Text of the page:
On Smart Cities - Turning Vision into Reality

Cyber-physical metamorphosis of Cities

Most civilizations in history have established their hallmarks of urban planning and/or architecture. Harappa for example, where their most striking feature is the Town planning with excellent drainage and sanitation systems. Then there are the Mayas who were influenced by astrology, cosmology and geomancy; similarly the Egyptians, the Teotihuacan, etc. And many others who adapted to the environment, culture and topography; all left their respective legacies in urban planning representing the best of knowledge, methods and material available to them and characterising the society they lived in. Each was transformational in its own way.

We are an information society, in many ways past the threshold of emergence and in a state of maturity. With IoT - sensors, cameras, so much of data gathering, analytics, dynamic systems and automation, we are constantly redefining how the cyber world meets and influences the physical world and this is now touching cities. We are at the crux of a cyber-physical metamorphosis of cities. It may be strong for me to say so, but I am inclined to believe that information, its blending or merging with advances in computing/electronics and how we leverage it will truly transform urbanization and be the hallmark of our urban planning in history. This may be our legacy.

The Micro-Macro conundrum

At a recent event in Mumbai, I listened to a few urban planners who were very good in their work and seemed to have an excellent understanding of local urbanization issues. Likewise most of the audience; together they knew the traffic problems in Mumbai, the housing challenges, cost inefficiencies, Dharavi issues, etc., they knew the pulse of Mumbai. I call this the micro knowledge and it is extremely essential for folks to focus on it.

But what would have given it the edge is if the urban planners, well others too, but urban planners especially, could step out and look at the bigger impact. As an example: all of them spoke about Mumbai traffic's effect and how it impacted their daily lives. If they could also co-relate it to the extra petrol consumed and then further extend it to the amount the government is losing out on importing that petrol, more people unaffected directly also will relate to it. And if they could extend it further and align it with the Current Account Deficit or the GDP, they would see what all it really affects – which is each and every one of us in India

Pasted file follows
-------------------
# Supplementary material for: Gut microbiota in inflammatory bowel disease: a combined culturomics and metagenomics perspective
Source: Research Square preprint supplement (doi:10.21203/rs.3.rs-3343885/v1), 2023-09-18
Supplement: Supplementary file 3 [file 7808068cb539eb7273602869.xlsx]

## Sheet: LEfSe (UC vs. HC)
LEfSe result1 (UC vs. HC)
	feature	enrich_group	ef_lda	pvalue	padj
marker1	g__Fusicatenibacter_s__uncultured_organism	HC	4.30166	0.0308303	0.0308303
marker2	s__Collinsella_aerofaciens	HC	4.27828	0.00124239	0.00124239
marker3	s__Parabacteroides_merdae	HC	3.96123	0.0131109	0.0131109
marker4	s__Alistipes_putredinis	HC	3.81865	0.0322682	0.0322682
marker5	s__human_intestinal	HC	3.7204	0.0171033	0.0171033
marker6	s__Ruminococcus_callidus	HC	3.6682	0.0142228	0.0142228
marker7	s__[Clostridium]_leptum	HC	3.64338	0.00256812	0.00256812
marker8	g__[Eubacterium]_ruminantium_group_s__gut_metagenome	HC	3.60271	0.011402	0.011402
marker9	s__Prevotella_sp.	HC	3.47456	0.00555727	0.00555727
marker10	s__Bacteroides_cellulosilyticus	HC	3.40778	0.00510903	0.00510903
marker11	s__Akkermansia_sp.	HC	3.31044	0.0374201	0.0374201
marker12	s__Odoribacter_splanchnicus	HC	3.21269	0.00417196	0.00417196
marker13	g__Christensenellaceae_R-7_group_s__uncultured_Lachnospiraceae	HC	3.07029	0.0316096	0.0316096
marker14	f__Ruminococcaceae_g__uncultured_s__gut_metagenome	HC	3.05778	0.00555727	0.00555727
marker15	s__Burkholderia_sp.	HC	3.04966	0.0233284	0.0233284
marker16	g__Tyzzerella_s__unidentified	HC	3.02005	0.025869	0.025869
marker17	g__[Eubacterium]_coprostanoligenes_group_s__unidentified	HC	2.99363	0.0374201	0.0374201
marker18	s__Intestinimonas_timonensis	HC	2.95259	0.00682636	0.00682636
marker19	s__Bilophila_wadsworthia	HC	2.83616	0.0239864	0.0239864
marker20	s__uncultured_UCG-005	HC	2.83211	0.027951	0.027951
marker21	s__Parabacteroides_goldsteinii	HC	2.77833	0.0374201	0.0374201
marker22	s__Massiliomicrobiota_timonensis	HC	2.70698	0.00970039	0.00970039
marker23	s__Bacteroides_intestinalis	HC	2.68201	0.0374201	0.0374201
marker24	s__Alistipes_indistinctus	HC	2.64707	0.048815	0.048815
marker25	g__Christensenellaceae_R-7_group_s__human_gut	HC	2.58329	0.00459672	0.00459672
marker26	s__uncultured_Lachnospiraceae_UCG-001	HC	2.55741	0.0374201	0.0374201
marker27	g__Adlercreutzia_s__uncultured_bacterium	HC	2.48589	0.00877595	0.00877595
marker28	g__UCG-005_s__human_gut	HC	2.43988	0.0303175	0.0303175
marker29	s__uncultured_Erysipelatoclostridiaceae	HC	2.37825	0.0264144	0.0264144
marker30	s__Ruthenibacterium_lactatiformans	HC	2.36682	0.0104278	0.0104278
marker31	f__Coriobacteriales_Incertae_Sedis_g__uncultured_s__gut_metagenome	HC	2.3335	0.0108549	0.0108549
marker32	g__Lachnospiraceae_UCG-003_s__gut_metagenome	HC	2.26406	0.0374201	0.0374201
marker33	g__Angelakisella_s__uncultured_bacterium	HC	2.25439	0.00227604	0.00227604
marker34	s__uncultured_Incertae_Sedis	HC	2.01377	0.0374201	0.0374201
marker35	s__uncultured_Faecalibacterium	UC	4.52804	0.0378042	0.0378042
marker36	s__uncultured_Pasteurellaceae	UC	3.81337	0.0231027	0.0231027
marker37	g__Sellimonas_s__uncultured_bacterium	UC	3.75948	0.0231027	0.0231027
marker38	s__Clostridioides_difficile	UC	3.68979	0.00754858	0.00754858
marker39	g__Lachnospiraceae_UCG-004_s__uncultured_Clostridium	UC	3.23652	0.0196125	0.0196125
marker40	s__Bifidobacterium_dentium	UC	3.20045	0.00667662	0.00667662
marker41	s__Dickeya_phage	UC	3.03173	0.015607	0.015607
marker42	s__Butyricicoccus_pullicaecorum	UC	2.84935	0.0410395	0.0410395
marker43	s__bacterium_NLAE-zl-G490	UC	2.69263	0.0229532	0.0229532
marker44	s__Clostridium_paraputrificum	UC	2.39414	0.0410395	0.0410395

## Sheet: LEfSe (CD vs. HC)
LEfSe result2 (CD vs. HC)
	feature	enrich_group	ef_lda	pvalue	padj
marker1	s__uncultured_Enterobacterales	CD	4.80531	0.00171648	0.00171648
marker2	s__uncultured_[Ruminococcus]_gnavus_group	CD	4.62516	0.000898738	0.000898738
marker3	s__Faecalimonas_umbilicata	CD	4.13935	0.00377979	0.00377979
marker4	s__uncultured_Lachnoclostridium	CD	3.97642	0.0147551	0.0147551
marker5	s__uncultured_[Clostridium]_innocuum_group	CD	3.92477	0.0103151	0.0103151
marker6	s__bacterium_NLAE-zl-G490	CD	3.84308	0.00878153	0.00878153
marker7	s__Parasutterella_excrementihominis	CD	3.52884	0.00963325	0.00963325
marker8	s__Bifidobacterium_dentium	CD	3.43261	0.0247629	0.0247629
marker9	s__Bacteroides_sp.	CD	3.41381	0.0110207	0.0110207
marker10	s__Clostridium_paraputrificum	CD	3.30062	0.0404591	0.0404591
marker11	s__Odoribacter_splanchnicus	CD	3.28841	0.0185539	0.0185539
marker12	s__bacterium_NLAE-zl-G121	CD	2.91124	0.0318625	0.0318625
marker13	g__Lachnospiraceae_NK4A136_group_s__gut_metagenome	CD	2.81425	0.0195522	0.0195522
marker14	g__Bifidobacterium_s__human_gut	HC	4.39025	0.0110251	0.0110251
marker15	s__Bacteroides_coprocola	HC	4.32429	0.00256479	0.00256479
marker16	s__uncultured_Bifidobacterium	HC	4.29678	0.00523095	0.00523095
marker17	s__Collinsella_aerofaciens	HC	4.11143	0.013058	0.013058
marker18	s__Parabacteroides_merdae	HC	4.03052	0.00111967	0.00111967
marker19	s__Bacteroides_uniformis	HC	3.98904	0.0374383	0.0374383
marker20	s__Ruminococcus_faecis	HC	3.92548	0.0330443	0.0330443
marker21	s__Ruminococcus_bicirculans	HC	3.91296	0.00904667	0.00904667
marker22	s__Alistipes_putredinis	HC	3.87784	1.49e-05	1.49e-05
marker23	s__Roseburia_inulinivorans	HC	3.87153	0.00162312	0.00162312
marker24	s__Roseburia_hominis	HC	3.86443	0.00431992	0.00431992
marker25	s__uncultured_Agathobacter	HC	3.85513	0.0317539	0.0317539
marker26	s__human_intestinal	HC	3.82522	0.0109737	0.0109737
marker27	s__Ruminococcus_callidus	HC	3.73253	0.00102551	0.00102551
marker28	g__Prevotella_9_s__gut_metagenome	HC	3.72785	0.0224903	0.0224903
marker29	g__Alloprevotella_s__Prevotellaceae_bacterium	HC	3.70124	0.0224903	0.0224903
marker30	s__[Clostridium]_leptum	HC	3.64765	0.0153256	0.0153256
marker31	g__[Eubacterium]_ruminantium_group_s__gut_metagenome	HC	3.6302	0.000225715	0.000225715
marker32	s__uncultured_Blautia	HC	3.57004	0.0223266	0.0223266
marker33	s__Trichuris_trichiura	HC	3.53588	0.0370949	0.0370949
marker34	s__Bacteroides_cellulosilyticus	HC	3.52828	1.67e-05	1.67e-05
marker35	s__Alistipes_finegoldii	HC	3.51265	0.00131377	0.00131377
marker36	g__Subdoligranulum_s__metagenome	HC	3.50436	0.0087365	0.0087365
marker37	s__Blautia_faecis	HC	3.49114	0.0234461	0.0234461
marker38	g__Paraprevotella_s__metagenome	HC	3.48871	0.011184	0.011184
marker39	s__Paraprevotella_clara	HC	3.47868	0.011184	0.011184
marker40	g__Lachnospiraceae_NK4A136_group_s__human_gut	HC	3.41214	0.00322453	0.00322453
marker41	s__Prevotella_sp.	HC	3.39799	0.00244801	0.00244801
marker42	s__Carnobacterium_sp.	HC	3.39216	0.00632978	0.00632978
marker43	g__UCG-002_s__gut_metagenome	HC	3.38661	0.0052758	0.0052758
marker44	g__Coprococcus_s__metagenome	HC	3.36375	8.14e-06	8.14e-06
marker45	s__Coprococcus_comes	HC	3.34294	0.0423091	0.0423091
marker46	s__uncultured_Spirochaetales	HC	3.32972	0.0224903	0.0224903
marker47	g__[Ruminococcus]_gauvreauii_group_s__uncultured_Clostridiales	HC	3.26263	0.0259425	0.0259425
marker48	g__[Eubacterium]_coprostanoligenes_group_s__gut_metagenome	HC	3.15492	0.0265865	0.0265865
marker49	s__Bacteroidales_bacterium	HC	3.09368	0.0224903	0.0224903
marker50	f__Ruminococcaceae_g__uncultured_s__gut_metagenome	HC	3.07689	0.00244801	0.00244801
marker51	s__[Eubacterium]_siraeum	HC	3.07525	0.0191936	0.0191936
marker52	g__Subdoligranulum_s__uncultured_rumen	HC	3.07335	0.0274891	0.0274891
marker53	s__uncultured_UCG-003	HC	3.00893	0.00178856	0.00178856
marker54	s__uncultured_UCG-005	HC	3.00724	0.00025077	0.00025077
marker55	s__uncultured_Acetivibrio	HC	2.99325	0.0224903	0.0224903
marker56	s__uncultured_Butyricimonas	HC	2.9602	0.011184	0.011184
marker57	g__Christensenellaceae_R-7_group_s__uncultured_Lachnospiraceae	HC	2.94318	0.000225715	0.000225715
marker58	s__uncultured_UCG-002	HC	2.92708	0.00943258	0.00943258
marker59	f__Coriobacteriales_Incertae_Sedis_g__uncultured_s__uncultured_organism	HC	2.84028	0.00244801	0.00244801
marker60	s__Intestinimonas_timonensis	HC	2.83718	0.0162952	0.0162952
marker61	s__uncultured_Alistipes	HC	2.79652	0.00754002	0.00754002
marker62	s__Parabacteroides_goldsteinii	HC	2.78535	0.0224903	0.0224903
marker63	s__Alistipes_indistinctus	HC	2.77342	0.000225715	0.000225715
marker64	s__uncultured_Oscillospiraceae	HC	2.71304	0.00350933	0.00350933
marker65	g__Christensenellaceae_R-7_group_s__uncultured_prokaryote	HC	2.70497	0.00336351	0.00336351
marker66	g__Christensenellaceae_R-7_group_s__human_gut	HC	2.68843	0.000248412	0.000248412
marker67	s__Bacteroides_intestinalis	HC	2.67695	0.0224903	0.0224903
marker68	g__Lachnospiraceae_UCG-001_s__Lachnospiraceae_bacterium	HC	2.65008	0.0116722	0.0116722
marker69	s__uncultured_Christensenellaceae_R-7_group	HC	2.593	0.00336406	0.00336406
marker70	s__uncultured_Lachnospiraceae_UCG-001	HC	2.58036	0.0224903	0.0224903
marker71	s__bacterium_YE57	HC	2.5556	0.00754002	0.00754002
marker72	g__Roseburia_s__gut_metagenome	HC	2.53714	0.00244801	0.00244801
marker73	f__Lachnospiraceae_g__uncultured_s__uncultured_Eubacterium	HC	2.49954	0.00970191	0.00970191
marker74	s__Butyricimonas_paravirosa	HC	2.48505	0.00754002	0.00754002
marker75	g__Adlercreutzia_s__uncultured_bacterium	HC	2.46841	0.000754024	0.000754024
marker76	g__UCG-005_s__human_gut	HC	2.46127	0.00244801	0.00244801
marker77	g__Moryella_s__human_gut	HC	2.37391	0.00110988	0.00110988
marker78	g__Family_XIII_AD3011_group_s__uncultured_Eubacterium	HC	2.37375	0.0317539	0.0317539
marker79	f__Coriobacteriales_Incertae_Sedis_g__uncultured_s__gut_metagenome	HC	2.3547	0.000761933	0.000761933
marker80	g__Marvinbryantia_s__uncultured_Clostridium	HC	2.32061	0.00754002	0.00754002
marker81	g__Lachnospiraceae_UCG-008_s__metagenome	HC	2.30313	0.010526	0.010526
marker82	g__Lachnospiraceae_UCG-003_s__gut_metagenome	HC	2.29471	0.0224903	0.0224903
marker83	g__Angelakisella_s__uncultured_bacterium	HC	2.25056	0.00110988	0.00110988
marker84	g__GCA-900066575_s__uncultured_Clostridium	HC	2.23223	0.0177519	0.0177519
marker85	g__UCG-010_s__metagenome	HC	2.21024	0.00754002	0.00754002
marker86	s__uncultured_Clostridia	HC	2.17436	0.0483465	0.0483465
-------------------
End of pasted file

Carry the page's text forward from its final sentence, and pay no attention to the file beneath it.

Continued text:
To illustrate this, let me cite a recent study that put the annual monetary cost of traffic to Bangalore’s IT & BPO industries at $6.50 billion. This is about 0.36% of India's GDP (if you consider it as 1.87 Trilion in 2013) and about 7% of the cost of our oil import, which at most recent figures was around $85 billion (not for the same period, but to illustrate). This is one city and one industry's people; imagine many such in many cities. Our last quarter’s CAD was 2.1% of GDP. If it could have been reduced, I’m sure it would have had an impact on our overall budget, rupee convertibility, etc. Such insights would enable them to analyse the larger impact urban problems have and the inter-relatedness of it all. It is the macro impact of the same issue and how one problem in one city affects the living conditions of everybody else in India.

Common Information Grid

Every time I talk to somebody about this, I get more reinforced about the concept and it has become a favourite agenda of mine. At a smart city tender pre-qualification meet earlier this month, I had the privilege of being right in the midst of some thought provoking discussions and unfortunately I am confused (and disappointed).

Let me try to articulate why. In our current structure, every department in every city puts out their own requirement (read tender) for systems and other IT infrastructure. Not only is there undue expenses and effort, or no sharing of infrastructure but most systems remain under-utilised, and there is no sharing of information even, which is the need for a city to run well. Remember, ultimately it is the taxpayer’s money, our money, which is funding all this largesse.

We are still exploring the same old models of information systems, approaches to resolution, and methods of execution and tendering even when we are setting up new cities and have the opportunity to do things anew. We can get better than in the past, get the latest in solutions that technology can offer and address city problems the way it ought to be, city-wide, but we fall short for some reason or the other. It may be radical but why can’t we put out common information infrastructure for a city that can be shared or utilised across departments and utilities. Well, even if this is too radical, to slowly evolve, we could put in systems like a common information model. The Open Government Data Platform (OGDP) that currently has 3445 data catalogs by 85 government departments is a good example of this. Though not regularly updated and it does not share semantics or ontology, we could extend initiatives like that. It promotes transparency and greater citizen engagement by making government data, documents, tools and processes publicly available, and it reduces costs and bring in solutions that can scale

To quickly summarise, to truly turn the Smart city vision into reality, we need to dream - of new possibilities; of achieving the yet unachieved. We need to look at bigger pictures and be more inclusive; we are interconnected, so stop looking at it as one isolated city. And we need to put in more holistically impacting systems, city-wide; not go back to silo’d, verticalised solutions.